MR. DOOLEY observed that "th' supreme coort follows th' illiction returns." He may have overstated the case. But what he said could surely be applied to the members of another institution, political action committees.
In fact, if our old friend the future historian should be somehow deprived of election statistics for the current decade, he will be able to find out who won simply by checking the files at the Federal Election Commission. Take, for example, the campaign of Republican Sen. Mack Mattingly of Georgia, who was the upset victor last November over veteran Democratic senator Herman Talmadge.
Between Election Day and Nov. 24, the Georgia Power Company's political action committee, according to Mr. Mattingly's campaign records, made three contributions totaling $1,850. One week before the election, Mr. Mattingly reported receiving $500 from the Better Government Committee of Atlanta's C&S National Bank. When it became apparent that there would be no recount, senator-elect Mattingly could report a Nov. 24 check of $1,000 from the same folks at C&S.
But perhaps the most symbolically intriguing contributions to Senate winners came not from groups in any single state, but rather from a national political action committee -- that of the American Optometric Association. One could even say that this group demonstrated 20-20 hindsight in making its November contributions. On Nov. 24, the Mattingly campaign reported receipt of a contribution of $2,000 from the American Optometric Association of 1730 M Street NW, of this city. Freshman Democrat Sen. Alan Dixon of Illinois also reported a "late hit" from the optometrists. Mr. Dixon received, according to his records, a check for $500 on Nov. 20.Freshman Republican Sens. Dan Quayle of Indiana and James Abdnor of South Dakota also received, according to the optometrists, post-election contributions of $500 each.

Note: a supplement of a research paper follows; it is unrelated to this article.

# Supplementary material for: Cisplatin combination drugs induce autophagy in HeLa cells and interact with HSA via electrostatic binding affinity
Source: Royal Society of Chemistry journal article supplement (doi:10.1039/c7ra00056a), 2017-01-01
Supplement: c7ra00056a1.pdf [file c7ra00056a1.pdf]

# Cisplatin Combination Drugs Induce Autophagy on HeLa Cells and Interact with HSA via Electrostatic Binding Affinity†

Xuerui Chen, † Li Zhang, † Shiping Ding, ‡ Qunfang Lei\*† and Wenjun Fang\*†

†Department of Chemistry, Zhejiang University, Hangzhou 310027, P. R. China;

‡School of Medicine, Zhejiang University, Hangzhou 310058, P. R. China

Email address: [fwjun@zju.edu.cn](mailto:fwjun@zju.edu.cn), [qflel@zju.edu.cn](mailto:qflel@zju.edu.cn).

These office-holders are most definitely the rule and not the exception in accepting post-victory contributions. It is an established if not honored practice, just as the PACs listed are not alone in making such late contributions. In fact, New York Republican Sen. Alfonse D'Amato reported a Nov. 13 contribution of $1,000 from the American Federation of State, County and Municipal Employees, generally considered to be one of the most "liberal" labor unions.
But certain eyebrows are understandably raised when virtually all of the post-election contributions flow only to the winners. Post-elections contributions to victorious candidates are really different in kind from pre-election contributions. You don't have to be practicing optometrists to see the difference.